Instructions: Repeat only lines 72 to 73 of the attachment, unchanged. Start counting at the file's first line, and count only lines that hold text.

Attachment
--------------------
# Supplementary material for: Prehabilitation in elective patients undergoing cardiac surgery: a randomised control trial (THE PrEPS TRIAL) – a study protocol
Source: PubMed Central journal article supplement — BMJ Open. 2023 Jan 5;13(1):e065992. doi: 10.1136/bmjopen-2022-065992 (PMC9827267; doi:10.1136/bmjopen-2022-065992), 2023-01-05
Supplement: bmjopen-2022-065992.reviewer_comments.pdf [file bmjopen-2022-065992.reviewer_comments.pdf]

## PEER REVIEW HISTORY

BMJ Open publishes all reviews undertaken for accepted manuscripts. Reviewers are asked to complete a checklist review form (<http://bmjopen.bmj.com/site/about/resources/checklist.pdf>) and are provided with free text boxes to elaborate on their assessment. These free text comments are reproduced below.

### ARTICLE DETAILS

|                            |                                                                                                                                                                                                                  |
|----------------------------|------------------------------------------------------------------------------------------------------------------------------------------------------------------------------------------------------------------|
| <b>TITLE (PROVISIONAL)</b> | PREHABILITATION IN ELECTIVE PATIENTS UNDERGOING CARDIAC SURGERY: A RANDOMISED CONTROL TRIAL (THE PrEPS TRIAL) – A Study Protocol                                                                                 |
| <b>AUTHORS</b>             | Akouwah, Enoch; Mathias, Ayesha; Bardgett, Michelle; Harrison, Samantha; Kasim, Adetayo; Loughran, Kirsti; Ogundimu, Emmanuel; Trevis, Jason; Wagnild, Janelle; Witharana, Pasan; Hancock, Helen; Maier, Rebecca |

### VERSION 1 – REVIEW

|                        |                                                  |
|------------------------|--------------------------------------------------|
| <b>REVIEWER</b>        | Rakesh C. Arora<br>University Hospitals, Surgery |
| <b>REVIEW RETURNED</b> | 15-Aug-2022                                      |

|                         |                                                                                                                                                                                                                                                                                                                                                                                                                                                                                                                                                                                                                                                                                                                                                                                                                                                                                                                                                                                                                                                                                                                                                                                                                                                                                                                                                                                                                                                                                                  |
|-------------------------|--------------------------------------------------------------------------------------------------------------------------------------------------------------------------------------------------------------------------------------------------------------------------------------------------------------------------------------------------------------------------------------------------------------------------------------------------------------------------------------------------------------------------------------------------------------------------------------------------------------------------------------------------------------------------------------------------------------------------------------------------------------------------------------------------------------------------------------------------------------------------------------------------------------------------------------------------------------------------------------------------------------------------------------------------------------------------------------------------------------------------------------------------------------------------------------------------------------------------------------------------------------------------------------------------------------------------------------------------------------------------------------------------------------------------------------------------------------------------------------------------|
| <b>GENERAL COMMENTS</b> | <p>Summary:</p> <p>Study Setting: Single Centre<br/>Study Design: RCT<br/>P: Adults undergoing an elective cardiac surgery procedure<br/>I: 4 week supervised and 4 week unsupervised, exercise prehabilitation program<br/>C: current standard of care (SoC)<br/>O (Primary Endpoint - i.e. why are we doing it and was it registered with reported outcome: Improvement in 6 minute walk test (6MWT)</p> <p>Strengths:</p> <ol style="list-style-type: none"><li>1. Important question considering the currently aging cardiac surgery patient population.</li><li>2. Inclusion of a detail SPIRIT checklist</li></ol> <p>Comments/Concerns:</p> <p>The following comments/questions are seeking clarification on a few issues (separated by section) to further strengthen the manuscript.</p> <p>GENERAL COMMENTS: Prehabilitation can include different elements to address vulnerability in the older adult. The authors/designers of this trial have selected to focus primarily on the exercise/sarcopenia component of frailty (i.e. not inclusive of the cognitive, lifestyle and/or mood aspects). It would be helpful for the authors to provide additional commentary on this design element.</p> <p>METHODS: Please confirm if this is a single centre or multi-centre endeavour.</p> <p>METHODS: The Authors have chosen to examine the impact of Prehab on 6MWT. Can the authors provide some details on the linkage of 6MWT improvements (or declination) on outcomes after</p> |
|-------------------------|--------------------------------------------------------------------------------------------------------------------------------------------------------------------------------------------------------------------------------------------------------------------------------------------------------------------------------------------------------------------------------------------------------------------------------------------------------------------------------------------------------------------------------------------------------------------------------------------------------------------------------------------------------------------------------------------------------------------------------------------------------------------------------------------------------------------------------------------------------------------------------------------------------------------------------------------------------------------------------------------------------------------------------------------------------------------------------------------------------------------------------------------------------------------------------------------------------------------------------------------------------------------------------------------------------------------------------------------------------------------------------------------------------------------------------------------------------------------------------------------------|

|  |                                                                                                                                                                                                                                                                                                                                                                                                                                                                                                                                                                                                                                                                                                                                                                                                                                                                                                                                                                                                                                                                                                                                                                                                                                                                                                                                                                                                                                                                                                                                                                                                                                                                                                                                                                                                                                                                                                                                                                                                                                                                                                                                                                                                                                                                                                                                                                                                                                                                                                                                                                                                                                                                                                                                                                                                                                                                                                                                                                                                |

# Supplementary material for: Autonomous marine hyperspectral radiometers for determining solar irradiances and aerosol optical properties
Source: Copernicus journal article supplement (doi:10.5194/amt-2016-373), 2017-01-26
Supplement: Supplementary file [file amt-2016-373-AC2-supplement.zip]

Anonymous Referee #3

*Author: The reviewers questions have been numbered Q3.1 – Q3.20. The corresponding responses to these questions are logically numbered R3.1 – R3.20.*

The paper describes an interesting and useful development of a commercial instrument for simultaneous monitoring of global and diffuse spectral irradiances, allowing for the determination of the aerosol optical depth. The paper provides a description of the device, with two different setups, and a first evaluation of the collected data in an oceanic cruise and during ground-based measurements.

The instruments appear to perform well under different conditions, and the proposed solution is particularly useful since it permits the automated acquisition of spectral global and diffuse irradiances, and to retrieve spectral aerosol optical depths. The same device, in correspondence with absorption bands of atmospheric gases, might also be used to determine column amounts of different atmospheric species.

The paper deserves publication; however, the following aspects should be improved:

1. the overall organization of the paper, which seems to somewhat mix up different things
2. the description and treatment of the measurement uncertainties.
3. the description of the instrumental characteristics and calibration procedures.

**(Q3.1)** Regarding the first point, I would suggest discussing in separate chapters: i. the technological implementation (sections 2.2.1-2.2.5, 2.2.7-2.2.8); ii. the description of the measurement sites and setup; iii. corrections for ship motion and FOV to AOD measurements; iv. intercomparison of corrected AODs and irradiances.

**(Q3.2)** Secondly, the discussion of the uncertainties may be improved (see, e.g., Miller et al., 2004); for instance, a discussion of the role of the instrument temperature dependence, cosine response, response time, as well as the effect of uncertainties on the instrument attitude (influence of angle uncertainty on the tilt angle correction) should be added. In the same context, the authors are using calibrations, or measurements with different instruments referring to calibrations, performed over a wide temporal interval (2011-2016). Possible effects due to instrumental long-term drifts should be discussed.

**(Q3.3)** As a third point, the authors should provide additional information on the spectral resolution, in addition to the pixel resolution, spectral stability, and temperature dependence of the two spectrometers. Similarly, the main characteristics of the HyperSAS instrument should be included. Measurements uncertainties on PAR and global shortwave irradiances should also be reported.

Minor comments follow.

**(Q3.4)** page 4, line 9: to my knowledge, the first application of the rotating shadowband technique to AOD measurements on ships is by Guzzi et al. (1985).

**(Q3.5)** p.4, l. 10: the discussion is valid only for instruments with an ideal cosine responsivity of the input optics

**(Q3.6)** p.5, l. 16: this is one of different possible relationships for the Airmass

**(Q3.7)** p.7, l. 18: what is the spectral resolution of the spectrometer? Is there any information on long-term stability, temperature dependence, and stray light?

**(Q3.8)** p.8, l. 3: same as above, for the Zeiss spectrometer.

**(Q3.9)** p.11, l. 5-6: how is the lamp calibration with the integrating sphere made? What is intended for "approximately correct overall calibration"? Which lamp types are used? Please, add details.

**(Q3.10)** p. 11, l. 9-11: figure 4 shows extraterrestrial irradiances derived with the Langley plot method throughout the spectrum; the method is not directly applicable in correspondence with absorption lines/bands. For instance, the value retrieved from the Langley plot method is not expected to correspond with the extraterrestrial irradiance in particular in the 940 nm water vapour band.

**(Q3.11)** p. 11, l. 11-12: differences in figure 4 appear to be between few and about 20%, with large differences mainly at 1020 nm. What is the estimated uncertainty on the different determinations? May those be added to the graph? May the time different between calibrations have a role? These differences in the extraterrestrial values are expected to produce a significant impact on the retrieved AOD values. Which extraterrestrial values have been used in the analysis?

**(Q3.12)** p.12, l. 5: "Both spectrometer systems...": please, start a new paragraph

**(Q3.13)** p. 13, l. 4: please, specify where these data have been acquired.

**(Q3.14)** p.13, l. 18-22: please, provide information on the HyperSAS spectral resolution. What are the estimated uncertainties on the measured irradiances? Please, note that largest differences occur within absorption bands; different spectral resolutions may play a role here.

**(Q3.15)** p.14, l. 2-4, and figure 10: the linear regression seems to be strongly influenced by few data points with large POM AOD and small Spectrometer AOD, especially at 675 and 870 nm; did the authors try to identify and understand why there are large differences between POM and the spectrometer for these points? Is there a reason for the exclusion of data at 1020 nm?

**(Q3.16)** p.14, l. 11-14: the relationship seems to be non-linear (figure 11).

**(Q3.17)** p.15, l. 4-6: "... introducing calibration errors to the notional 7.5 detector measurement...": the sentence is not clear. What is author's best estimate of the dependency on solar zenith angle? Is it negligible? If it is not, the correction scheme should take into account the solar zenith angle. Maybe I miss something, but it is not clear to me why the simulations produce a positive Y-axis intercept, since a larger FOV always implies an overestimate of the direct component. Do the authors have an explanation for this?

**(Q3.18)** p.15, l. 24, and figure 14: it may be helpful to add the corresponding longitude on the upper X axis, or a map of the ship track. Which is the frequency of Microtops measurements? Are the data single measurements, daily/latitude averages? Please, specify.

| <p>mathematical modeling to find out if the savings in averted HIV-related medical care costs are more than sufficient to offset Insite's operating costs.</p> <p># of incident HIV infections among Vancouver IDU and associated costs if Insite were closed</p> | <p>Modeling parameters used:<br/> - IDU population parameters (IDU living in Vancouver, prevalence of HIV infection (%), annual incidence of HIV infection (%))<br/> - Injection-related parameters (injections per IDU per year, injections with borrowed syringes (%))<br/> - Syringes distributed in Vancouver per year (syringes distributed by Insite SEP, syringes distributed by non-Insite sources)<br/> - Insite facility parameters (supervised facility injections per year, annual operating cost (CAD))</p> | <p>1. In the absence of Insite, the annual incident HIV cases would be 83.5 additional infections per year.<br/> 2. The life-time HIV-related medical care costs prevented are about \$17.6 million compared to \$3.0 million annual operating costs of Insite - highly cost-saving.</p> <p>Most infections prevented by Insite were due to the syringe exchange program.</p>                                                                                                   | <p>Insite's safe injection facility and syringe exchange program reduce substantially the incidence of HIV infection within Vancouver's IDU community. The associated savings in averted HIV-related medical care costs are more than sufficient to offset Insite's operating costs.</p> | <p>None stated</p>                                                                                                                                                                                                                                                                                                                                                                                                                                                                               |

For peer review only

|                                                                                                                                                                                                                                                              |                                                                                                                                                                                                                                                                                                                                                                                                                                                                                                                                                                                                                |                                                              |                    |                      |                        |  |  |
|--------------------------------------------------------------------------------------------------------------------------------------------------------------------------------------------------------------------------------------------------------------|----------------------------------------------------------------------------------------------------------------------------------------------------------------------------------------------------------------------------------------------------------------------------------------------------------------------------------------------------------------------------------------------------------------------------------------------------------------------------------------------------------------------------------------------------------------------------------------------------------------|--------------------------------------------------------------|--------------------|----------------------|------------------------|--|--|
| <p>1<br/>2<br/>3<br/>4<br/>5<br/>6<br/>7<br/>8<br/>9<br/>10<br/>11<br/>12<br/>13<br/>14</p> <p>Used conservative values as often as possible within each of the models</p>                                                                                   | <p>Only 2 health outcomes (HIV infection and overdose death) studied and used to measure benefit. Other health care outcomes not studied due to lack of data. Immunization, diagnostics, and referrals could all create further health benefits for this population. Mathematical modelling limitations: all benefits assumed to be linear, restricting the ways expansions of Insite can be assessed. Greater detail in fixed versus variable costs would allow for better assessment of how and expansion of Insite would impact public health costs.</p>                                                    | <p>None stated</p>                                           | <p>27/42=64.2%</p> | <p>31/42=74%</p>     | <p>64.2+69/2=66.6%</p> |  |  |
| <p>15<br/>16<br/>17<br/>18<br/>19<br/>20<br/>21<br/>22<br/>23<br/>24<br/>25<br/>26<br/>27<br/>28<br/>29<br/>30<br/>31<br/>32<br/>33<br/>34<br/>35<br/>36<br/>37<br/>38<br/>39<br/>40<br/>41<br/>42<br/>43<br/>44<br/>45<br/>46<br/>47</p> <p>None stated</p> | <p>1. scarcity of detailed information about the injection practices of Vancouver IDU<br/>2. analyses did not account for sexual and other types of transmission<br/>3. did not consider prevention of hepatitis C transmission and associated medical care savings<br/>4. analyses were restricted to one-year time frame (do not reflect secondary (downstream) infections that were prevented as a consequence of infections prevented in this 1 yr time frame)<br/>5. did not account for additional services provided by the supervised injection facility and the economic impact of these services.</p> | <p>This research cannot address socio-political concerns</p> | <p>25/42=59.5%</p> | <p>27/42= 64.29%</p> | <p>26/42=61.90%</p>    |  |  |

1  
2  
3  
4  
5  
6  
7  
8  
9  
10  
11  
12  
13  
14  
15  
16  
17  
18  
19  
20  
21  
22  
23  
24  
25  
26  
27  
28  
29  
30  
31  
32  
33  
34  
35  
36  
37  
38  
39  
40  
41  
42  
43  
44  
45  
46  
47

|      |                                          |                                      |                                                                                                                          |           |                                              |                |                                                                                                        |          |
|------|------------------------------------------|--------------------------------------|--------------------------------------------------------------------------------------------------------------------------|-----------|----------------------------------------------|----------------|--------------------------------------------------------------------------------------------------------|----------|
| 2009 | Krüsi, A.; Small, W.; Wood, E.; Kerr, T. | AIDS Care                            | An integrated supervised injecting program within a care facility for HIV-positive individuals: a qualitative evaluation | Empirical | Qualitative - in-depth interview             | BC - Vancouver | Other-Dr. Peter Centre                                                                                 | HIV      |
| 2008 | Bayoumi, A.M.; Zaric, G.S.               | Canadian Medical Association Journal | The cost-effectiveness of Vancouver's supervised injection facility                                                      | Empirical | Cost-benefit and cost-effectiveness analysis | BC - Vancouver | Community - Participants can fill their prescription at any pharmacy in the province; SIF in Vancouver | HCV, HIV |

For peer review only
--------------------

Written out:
16  
17  